Bud Light’s Chief US Martkeing Officer Steps Down as Sales Continue to Plunge


Anheuser-Busch InBev, the world’s largest brewer, is facing a challenging period as its Chief Marketing Officer (CMO) for the US, Benoit Garbe, steps down amidst a continued decline in sales. The departure comes in the aftermath of Bud Light’s collaboration with transgender influencer Dylan Mulvaney earlier this year, which led to a significant loss in revenue and customer backlash.

Garbe, who served as CMO for just over two years, announced his departure, stating that he is leaving to embark on a new chapter in his career. The controversy surrounding the collaboration with Mulvaney resulted in a boycott by the brand’s customers and a notable drop in revenue. The recently reported third-quarter returns revealed a 13.5 percent slump in revenue per 100 liters, a crucial metric for assessing beer sales.

The fallout from the Mulvaney partnership had a lasting impact on Bud Light, with repeated double-digit revenue drops and some stores selling the beer for less than water. The parent company, Anheuser-Busch InBev, witnessed a staggering $6 billion loss in market capital within six days of the advertising.

Amidst the controversy, fans criticized the company’s response, viewing it as overcompensating with overtly patriotic advertising. The dip in revenue continued throughout the year, impacting the profits of Anheuser-Busch InBev, which produces popular brands such as Budweiser, Michelob, and Stella Artois.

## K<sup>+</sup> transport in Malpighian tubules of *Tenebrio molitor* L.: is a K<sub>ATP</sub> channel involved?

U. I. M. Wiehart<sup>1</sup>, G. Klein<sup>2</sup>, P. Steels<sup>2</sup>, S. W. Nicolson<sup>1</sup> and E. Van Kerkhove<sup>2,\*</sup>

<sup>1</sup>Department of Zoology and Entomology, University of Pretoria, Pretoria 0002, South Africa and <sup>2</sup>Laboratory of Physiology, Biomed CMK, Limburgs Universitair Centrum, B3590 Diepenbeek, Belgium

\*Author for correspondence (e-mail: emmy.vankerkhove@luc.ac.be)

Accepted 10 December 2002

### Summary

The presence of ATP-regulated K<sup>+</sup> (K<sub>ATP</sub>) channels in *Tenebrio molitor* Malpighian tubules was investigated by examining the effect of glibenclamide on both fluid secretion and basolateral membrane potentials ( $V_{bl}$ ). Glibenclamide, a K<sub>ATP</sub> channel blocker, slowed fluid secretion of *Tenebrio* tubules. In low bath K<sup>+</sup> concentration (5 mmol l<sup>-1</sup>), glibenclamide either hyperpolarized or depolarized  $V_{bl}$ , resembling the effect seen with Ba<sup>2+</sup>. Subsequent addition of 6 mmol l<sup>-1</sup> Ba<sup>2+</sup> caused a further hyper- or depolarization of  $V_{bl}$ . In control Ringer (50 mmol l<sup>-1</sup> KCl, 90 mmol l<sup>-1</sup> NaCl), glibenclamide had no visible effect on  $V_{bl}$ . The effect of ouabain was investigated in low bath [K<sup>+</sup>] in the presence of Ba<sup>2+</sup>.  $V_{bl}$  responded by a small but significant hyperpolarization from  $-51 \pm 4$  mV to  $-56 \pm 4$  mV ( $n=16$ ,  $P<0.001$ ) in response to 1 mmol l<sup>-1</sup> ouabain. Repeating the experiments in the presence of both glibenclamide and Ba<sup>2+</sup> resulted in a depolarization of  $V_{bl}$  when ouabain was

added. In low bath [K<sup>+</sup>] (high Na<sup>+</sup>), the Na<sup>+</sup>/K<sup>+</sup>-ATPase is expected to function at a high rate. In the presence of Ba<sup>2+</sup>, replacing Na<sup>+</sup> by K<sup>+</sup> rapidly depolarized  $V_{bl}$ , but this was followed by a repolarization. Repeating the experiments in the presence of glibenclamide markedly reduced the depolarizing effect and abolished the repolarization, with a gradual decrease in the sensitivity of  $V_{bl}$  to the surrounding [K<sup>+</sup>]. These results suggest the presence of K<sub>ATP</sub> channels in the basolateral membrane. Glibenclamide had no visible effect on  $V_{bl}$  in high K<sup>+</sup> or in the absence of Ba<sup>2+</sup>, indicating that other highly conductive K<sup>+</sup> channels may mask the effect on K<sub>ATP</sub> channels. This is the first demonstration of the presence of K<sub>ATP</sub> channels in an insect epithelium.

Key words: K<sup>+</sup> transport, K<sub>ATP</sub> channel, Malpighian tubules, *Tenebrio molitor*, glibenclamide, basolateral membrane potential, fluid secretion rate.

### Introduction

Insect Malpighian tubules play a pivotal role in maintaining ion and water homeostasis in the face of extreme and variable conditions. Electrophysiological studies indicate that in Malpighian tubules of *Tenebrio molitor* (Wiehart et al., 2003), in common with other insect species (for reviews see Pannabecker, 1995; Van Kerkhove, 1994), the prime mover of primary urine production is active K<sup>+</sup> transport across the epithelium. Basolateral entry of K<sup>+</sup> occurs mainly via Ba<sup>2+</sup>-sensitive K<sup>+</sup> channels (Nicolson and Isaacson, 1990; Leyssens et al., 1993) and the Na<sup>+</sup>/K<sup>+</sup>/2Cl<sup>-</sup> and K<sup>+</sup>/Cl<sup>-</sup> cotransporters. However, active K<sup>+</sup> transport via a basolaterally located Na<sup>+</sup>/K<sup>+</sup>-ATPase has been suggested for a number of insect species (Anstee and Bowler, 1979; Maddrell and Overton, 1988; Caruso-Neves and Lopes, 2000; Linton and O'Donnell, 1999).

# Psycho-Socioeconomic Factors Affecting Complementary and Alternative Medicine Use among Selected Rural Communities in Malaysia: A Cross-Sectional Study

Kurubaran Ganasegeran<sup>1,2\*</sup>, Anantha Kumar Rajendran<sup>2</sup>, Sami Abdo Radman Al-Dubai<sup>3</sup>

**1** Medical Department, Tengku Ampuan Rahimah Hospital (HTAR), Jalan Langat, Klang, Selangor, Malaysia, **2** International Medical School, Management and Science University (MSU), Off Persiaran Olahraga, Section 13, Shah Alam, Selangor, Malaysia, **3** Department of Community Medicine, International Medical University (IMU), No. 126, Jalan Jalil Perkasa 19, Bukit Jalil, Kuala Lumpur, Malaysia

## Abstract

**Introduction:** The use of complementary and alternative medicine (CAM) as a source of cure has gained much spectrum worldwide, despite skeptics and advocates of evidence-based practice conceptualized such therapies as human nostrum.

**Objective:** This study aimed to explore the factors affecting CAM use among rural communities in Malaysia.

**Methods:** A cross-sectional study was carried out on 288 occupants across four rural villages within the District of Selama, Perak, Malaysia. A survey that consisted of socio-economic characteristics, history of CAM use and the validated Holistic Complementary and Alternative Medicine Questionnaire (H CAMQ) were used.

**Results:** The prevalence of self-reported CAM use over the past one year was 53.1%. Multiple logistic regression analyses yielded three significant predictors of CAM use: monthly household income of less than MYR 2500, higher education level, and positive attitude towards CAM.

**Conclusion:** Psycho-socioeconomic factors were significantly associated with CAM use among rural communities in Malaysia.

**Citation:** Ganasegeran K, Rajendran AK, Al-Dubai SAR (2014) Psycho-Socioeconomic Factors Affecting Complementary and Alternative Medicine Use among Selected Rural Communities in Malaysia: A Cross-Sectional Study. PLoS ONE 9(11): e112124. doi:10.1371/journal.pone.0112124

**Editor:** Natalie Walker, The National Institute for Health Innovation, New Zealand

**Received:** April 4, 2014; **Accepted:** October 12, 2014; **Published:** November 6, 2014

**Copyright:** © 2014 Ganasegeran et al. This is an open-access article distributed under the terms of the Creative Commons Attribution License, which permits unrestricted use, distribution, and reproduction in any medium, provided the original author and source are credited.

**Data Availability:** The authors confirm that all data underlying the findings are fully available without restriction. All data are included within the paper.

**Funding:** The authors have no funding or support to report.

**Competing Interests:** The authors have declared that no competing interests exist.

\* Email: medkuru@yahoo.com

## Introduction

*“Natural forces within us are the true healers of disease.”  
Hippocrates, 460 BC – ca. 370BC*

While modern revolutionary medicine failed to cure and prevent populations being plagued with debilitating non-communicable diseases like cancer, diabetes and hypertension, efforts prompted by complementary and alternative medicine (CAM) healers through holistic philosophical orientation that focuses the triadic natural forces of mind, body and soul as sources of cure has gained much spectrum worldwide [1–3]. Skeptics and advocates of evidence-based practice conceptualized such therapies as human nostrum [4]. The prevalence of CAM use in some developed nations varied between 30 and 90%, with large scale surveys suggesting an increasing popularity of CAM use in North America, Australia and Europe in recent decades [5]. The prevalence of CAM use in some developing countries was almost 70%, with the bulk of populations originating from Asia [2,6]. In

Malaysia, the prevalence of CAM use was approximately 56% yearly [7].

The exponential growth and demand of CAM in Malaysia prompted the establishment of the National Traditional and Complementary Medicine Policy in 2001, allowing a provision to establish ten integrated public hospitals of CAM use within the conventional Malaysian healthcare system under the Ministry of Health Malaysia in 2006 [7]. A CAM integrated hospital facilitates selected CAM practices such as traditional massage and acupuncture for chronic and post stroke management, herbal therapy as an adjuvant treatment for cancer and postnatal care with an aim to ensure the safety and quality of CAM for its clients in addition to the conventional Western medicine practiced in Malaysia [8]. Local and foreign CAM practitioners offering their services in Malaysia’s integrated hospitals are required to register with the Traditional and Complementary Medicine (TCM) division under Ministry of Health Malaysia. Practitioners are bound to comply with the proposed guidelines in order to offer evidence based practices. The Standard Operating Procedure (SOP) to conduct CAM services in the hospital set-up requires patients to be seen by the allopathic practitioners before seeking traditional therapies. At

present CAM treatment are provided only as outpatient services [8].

In August, reports surfaced that Anheuser-Busch InBev suffered a $390 million drop in US sales, reflecting a 10.5 percent loss in the second quarter. The recent third-quarter reports indicated a further three percent decline.

Following Garbe’s departure, the company announced that Kyle Norrington, the US Chief Commercial Officer, would take over as Chief US Marketing Officer.

The marketing missteps at Bud Light have been linked to marketing executive Alissa Gordon Heinerscheid, whose team oversaw the controversial partnership with Mulvaney. Heinerscheid aimed to lead an inclusivity revolution at the beer giant, attempting to shed its ‘fratty’ image.

As a response to the decline in revenue, Anheuser-Busch InBev is reshuffling its organizational structure to ‘reduce layers’ and enable top commercial leaders to drive the business forward, according to Brendan Whitworth, CEO and President of InBev’s North American zone.

Despite the challenges, the company has taken steps to revive Bud Light’s image, including a multiyear partnership with the UFC and a $3 million scholarship project for families of fallen or disabled first responders. AB InBev’s CEO, Michel Doukeris, expressed confidence in the company’s direction during a Tuesday analyst call, emphasizing a focus on traditional marketing outlets like college football and concerts.

As a sign of confidence, AB InBev announced a $1 billion share buyback program, reflecting a positive response in stock market trading. The company remains committed to navigating challenges, with Doukeris stating, “We have a good grip on what we need to do and how we are proceeding from here.”


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